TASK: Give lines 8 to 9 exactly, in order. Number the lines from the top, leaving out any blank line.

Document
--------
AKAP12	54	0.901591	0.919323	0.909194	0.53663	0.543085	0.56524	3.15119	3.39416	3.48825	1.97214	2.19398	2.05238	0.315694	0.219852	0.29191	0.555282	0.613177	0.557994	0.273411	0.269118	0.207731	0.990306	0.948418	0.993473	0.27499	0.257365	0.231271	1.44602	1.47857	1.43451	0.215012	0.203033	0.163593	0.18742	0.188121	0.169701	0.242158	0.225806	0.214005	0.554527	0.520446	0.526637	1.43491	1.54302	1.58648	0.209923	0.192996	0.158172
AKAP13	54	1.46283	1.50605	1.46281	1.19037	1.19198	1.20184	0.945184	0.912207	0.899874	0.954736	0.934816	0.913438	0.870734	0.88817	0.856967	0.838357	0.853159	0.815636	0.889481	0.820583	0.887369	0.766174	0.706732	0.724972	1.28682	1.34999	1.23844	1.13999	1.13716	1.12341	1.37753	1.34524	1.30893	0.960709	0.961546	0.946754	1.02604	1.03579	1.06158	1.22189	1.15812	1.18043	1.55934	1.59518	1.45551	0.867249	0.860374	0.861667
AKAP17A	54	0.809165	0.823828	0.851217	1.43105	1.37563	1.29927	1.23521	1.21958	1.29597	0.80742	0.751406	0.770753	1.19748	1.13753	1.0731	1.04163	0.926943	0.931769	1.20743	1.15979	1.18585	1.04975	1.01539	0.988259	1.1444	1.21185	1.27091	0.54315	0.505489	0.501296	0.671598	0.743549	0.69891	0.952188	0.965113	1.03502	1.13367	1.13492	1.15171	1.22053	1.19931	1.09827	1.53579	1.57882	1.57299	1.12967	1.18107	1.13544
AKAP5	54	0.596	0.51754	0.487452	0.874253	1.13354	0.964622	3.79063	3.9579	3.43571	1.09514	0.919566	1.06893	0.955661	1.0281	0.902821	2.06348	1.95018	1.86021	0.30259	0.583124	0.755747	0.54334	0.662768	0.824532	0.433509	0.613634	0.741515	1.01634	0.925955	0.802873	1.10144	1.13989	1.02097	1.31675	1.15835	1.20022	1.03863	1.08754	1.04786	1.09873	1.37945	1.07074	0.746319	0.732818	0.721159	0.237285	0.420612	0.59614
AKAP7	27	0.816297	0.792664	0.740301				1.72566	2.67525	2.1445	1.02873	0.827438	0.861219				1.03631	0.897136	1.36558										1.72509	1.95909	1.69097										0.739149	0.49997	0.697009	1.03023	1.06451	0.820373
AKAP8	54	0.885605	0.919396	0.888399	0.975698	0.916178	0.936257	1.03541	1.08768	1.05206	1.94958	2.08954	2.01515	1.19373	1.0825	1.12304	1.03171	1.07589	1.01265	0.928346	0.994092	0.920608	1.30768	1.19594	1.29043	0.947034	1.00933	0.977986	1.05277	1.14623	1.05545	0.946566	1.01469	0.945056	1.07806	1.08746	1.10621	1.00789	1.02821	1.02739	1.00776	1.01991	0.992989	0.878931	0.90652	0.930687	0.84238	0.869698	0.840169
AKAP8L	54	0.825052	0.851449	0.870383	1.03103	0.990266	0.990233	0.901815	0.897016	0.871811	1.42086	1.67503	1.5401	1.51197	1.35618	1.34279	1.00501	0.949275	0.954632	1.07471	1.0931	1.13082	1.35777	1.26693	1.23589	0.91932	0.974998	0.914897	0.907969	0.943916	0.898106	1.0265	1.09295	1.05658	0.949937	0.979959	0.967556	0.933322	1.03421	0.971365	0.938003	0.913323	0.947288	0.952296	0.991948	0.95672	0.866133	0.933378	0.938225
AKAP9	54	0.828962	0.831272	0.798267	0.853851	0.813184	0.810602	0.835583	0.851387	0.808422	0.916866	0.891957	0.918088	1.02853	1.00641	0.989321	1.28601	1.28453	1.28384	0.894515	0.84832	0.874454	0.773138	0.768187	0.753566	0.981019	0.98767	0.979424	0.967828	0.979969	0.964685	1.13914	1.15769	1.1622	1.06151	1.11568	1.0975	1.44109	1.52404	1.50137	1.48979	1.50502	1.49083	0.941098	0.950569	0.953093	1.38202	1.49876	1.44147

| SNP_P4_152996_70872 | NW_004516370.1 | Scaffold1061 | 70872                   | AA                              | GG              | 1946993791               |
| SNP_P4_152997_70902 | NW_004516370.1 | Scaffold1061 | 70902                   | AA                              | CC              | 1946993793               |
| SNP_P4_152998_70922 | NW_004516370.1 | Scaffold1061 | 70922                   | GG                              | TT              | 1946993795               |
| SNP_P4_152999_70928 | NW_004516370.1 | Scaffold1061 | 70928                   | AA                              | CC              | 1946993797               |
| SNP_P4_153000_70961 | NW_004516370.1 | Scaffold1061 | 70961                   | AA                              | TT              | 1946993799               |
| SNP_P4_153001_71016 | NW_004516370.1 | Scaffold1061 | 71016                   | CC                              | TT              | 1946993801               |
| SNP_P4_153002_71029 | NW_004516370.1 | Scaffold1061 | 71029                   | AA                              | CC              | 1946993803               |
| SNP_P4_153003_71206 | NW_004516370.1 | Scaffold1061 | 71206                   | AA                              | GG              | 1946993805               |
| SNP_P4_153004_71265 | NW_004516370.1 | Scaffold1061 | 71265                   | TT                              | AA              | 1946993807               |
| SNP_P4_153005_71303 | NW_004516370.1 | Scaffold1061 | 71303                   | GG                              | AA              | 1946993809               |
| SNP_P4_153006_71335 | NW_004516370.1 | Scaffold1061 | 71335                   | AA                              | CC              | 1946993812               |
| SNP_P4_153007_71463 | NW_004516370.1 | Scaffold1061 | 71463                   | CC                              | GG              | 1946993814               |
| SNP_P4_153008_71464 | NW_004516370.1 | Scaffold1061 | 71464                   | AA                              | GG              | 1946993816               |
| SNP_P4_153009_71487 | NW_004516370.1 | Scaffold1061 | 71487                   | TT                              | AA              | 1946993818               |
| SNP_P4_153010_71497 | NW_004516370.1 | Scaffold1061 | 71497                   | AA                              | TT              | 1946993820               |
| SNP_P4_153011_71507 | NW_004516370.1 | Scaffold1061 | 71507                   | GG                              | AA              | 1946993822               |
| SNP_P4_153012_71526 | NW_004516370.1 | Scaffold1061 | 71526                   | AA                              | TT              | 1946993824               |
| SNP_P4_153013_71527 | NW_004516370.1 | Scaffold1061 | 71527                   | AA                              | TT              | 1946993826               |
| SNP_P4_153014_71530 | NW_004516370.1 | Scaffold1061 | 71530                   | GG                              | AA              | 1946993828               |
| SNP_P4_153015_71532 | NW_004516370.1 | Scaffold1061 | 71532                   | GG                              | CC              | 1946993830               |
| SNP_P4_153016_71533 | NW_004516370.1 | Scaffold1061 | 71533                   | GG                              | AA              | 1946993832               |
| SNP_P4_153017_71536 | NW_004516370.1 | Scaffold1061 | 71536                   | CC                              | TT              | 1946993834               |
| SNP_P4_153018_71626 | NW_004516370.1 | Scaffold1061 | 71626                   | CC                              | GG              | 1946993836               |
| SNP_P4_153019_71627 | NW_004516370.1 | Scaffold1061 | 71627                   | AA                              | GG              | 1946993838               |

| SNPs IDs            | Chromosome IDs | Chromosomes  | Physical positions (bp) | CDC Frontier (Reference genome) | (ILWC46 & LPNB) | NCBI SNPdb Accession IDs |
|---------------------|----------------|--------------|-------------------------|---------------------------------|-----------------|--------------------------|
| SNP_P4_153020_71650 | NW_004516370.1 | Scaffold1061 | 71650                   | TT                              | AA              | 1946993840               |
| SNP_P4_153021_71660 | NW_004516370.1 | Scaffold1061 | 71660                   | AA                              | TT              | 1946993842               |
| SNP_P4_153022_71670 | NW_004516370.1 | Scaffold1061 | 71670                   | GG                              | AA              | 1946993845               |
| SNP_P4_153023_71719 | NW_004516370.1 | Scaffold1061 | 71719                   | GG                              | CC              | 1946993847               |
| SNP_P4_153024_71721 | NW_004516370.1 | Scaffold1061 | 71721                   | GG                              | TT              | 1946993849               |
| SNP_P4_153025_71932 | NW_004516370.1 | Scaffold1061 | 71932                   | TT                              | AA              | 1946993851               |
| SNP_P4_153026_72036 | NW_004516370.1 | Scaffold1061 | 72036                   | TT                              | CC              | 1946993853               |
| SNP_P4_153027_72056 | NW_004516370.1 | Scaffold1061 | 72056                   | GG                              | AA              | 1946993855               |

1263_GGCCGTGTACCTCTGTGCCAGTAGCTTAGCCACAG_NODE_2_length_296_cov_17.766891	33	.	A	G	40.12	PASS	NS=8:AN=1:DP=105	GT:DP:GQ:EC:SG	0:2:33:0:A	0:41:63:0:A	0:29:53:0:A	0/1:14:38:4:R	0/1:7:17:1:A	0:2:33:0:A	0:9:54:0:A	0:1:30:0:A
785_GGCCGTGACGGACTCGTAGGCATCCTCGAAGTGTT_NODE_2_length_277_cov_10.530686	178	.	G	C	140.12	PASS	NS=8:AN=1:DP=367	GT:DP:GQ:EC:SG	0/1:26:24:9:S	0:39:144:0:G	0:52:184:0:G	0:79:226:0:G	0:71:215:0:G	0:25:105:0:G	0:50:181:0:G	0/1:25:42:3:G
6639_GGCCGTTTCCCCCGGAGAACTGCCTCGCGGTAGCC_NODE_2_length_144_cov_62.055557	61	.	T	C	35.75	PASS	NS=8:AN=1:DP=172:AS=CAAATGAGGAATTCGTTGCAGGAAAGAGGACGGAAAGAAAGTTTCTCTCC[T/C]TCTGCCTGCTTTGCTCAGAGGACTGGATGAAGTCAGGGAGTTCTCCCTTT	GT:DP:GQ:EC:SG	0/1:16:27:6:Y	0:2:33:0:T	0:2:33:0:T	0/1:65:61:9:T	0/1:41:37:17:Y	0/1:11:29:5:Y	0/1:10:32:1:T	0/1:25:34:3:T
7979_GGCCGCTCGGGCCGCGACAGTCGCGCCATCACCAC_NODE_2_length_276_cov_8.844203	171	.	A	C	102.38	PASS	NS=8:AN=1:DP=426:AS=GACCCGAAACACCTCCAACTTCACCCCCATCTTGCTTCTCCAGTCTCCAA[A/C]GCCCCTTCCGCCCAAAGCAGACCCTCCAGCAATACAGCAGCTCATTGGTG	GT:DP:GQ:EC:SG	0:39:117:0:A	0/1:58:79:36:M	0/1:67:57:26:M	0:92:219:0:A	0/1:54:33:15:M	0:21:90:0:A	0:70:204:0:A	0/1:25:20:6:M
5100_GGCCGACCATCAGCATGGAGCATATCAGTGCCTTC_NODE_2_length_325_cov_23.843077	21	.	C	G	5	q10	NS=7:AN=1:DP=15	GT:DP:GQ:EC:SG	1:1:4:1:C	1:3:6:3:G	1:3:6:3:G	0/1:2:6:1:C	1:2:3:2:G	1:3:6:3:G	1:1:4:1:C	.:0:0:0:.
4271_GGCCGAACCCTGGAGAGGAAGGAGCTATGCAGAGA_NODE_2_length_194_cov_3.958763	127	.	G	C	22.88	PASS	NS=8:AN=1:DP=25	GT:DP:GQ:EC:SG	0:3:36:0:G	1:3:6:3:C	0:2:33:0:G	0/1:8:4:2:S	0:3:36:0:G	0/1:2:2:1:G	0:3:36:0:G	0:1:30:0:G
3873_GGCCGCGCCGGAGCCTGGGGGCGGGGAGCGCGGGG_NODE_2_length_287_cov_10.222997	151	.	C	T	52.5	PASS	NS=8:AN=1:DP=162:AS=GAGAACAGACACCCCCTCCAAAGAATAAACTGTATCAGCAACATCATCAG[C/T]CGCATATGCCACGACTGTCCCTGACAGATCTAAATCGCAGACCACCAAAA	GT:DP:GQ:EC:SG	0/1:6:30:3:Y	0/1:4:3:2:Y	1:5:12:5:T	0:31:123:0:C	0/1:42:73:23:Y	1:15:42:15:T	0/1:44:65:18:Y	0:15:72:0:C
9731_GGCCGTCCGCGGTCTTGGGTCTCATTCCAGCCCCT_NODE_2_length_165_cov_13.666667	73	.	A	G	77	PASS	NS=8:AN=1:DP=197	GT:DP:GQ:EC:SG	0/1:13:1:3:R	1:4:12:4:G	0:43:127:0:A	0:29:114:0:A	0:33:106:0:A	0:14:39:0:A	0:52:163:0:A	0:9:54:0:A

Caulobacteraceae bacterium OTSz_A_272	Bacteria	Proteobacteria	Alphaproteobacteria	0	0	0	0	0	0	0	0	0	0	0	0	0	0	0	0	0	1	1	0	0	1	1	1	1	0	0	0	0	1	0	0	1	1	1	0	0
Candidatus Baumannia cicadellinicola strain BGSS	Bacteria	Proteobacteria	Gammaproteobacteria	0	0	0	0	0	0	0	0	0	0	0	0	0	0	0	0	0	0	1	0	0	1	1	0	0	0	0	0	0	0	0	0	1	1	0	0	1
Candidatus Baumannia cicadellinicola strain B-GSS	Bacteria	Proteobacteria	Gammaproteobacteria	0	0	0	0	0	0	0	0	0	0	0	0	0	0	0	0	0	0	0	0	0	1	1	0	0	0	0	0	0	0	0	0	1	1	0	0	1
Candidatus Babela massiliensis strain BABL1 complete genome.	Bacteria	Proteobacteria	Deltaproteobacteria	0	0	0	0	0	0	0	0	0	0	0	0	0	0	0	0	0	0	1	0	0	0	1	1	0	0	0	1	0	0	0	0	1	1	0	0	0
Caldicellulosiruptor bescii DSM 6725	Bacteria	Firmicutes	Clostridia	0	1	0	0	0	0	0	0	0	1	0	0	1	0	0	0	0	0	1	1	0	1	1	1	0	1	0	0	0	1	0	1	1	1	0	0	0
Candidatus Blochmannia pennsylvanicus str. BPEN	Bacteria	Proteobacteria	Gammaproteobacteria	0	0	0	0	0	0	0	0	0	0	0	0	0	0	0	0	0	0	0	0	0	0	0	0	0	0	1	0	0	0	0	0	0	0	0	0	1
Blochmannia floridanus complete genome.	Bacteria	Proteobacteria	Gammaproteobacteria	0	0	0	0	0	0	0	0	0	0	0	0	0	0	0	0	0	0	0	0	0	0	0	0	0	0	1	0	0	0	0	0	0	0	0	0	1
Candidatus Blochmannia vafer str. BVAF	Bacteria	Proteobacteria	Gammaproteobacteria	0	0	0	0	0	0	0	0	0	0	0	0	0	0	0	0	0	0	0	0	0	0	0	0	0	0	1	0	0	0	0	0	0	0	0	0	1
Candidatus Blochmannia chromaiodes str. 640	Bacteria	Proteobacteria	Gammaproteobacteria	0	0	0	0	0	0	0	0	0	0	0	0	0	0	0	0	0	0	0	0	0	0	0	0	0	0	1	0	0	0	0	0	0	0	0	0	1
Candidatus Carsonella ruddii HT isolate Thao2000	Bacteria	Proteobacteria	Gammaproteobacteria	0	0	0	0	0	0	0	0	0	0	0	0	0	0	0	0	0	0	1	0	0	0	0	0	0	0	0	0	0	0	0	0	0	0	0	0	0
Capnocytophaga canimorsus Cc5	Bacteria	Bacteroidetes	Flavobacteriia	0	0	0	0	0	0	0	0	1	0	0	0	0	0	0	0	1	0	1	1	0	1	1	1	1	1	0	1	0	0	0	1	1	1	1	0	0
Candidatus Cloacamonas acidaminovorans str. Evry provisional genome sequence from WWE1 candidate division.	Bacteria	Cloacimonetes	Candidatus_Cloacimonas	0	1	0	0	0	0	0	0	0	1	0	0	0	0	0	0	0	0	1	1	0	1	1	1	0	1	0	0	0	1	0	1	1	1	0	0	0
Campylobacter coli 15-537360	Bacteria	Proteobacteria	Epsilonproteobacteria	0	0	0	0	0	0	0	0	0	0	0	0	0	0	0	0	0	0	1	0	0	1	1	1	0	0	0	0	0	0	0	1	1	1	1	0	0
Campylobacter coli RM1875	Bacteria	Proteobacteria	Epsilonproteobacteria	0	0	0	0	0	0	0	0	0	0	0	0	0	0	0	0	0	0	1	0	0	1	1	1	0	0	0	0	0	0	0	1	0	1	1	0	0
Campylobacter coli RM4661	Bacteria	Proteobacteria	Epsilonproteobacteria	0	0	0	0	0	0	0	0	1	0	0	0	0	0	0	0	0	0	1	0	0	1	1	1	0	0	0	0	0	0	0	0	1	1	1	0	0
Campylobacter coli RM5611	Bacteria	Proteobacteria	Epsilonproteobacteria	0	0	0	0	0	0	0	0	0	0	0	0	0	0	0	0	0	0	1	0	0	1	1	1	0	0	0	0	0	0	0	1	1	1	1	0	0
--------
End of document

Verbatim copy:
AKAP9	54	0.828962	0.831272	0.798267	0.853851	0.813184	0.810602	0.835583	0.851387	0.808422	0.916866	0.891957	0.918088	1.02853	1.00641	0.989321	1.28601	1.28453	1.28384	0.894515	0.84832	0.874454	0.773138	0.768187	0.753566	0.981019	0.98767	0.979424	0.967828	0.979969	0.964685	1.13914	1.15769	1.1622	1.06151	1.11568	1.0975	1.44109	1.52404	1.50137	1.48979	1.50502	1.49083	0.941098	0.950569	0.953093	1.38202	1.49876	1.44147

| SNP_P4_152996_70872 | NW_004516370.1 | Scaffold1061 | 70872                   | AA                              | GG              | 1946993791               |